Watch the video of the intense storms here:

Make sure to follow our dedicated lifestyle page for much more.

Wednesday, 13 November 2019

Record for Highest Wave on Adriatic Sea Broken After 33 Years!

Croatia is one of those countries that many people seem to think is just the coast, and that that coastline is constantly calm, boiling hot, and boasts an always gentle Adriatic sea. People can be forgiven for that thought, and the same is true for many Mediterranean countries that rely heavily on tourism. Think Spain, Turkey and Greece - countries where everyone seems to make the mistake of thinking they're the lands of constant sunshine.

Croatia, for all of the gorgeous weather and seemingly endless hours of sunshine it does boast, is much more than just the coast, and there is much more to the climate of this little country than the beating rays of a harsh, dry sun and the soft lapping of a warm Adriatic.

Bura and jugo are two words that even the most clueless of foreigners will be quick to learn if they spend any time at all along the Dalmatian coast outside of summer. These winds are powerful, indiscriminate and often cause all sorts of material damage. These winds prevent even the most experienced of salty sea dogs and professional sailors from even daring to venture out to sea, and they turn the sparkling blue, usually flat Adriatic into what could be a sight from the middle of a grey, stormy Atlantic ocean within a very short period of time.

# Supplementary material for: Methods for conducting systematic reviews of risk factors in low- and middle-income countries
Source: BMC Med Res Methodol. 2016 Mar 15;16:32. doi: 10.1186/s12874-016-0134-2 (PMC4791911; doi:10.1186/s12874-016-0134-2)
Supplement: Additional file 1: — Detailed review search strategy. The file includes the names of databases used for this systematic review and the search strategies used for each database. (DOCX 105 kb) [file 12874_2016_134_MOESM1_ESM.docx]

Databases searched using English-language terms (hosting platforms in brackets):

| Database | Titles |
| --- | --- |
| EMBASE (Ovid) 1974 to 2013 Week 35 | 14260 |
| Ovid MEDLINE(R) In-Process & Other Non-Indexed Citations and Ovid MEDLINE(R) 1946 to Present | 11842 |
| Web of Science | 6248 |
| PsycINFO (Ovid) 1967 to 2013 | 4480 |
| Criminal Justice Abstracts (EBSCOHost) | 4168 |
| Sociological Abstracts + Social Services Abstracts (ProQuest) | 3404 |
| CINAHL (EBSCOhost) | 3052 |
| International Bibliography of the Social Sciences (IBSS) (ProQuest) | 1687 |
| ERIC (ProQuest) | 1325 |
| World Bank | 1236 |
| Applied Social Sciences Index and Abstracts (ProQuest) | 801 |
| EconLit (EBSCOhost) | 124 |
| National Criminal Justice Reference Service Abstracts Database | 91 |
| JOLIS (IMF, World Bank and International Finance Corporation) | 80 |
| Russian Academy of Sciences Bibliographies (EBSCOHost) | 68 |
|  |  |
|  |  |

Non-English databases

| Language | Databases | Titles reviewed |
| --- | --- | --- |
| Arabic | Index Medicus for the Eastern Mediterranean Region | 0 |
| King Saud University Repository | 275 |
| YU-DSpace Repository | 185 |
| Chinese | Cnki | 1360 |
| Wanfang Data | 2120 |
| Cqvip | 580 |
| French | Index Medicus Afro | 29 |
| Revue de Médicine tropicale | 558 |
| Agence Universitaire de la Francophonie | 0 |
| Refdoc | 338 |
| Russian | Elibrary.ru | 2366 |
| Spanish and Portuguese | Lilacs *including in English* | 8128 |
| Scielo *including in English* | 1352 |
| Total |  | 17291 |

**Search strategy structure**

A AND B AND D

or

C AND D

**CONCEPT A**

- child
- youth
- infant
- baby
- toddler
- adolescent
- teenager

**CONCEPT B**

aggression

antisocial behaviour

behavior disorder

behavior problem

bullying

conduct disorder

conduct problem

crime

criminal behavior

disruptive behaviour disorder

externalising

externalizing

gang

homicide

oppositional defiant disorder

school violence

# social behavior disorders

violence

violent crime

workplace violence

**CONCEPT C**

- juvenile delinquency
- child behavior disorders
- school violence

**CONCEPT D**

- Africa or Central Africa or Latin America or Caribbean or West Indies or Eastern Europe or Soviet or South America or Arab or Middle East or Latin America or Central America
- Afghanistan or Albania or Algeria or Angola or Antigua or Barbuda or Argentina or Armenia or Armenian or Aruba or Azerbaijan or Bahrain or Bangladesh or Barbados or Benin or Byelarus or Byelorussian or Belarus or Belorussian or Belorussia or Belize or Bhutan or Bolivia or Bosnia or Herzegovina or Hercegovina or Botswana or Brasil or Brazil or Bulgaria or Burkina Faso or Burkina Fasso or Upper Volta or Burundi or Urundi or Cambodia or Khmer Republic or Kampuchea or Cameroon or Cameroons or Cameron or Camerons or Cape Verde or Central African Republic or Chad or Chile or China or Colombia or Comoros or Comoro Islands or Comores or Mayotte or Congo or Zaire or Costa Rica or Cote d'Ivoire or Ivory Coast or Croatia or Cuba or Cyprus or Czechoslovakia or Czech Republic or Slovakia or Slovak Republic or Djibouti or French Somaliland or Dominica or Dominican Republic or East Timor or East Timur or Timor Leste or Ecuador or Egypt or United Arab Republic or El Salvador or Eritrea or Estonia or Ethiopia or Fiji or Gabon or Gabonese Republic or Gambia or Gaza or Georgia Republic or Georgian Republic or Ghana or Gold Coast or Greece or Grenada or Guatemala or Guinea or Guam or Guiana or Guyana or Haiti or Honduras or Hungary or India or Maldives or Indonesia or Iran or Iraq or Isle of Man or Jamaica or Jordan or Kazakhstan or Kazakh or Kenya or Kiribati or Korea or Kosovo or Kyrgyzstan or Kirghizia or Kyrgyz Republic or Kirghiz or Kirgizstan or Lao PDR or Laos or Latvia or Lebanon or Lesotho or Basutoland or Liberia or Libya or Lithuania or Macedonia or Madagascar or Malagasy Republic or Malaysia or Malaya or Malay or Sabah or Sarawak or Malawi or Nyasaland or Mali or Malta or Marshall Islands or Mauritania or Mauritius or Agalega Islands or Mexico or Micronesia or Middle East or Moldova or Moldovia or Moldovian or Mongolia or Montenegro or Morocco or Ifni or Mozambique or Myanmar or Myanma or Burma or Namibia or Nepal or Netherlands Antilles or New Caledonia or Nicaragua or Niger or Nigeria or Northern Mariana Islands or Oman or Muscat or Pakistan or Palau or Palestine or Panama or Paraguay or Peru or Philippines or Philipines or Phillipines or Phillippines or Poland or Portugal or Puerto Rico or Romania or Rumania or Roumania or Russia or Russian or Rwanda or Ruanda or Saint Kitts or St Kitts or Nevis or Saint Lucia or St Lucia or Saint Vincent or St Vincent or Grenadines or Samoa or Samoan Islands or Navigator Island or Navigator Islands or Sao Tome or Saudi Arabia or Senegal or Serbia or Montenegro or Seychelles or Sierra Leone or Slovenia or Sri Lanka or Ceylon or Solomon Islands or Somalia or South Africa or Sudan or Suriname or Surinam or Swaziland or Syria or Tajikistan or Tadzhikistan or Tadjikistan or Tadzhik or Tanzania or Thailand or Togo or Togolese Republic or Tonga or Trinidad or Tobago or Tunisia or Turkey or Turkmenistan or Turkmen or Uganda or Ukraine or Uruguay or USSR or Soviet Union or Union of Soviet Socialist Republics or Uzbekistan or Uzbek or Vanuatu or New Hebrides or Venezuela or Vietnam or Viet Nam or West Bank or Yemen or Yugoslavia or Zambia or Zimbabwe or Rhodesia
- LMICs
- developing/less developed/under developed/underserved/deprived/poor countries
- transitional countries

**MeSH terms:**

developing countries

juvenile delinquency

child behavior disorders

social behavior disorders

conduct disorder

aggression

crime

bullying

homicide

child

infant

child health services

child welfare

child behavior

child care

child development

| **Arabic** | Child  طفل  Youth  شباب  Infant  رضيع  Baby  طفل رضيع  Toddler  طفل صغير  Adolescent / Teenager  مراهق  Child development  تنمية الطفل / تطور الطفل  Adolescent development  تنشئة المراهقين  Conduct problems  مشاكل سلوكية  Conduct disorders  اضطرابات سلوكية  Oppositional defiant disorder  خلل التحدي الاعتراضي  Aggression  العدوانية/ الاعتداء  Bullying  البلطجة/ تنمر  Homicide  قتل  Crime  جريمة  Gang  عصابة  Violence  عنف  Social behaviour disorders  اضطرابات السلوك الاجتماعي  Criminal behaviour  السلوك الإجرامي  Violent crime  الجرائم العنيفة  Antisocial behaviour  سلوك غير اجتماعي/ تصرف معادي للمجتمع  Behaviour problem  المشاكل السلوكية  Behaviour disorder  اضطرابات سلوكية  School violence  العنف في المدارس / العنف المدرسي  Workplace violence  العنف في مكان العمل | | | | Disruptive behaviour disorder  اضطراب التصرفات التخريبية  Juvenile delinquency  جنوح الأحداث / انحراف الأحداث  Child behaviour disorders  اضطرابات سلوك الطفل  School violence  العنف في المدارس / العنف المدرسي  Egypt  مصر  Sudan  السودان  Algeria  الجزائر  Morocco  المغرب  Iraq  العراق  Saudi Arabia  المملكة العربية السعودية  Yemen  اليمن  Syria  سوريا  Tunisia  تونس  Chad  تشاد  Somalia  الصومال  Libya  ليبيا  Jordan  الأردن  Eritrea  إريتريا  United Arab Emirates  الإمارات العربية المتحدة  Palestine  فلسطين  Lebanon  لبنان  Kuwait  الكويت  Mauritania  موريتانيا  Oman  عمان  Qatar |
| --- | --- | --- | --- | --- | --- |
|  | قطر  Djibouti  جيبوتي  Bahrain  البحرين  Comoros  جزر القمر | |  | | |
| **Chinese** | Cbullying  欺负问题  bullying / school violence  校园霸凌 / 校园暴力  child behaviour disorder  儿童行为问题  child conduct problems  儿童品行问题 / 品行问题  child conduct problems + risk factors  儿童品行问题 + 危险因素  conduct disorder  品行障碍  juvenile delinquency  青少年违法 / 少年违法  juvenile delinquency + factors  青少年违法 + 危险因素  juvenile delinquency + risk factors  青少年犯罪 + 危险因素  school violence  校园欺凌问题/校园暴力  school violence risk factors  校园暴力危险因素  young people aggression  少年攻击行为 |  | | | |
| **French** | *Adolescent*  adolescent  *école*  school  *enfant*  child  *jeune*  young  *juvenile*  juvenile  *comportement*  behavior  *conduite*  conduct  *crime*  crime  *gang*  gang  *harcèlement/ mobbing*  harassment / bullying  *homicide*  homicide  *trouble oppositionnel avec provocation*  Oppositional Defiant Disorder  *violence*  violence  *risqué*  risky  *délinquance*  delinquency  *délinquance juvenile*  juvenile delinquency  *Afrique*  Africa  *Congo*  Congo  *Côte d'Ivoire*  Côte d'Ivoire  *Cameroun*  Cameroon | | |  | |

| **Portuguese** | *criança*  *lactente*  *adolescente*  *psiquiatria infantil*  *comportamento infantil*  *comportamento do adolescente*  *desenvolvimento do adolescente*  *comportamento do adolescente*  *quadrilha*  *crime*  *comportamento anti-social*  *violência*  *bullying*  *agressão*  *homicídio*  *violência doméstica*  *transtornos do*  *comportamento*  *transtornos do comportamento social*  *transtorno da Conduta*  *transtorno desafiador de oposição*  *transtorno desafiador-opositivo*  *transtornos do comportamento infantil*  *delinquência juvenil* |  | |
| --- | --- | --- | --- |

Interested to learn more about the winds that batter the Croatian coast? Click here for all you need to know about jugo, a beastly and unforgiving southeastern wind.

The winds affect the sea, and the waves that the Adriatic can produce are quite unexpected indeed. As Morski writes on the 13th of November, 2019, the record for the highest wave on the Croatian Adriatic has now been broken.

The Croatian Hydrographic Institute measured the new, record breaking wave on November the 12th, 2019 at 16:00.

This wave was recorded in the sea near Dubrovnik near the islet of Sv. Andrija. The maximum height of that wave was Hmax = 10.87 metres.

Although lighthouse keepers recorded the passage of a large wave over the top of an eleven-metre-long crane in the late 1980s, this is the first official confirmation that the highest waves on the Adriatic are recorded on this Elaphite island, which lies seven nautical miles west of Dubrovnik.

Officially, the highest Adriatic wave of 10.8 metres in height was measured in February back in 1986. That wave also occurred during an ''attack'' by stormy jugo winds.

Make sure to follow our dedicated lifestyle page for more.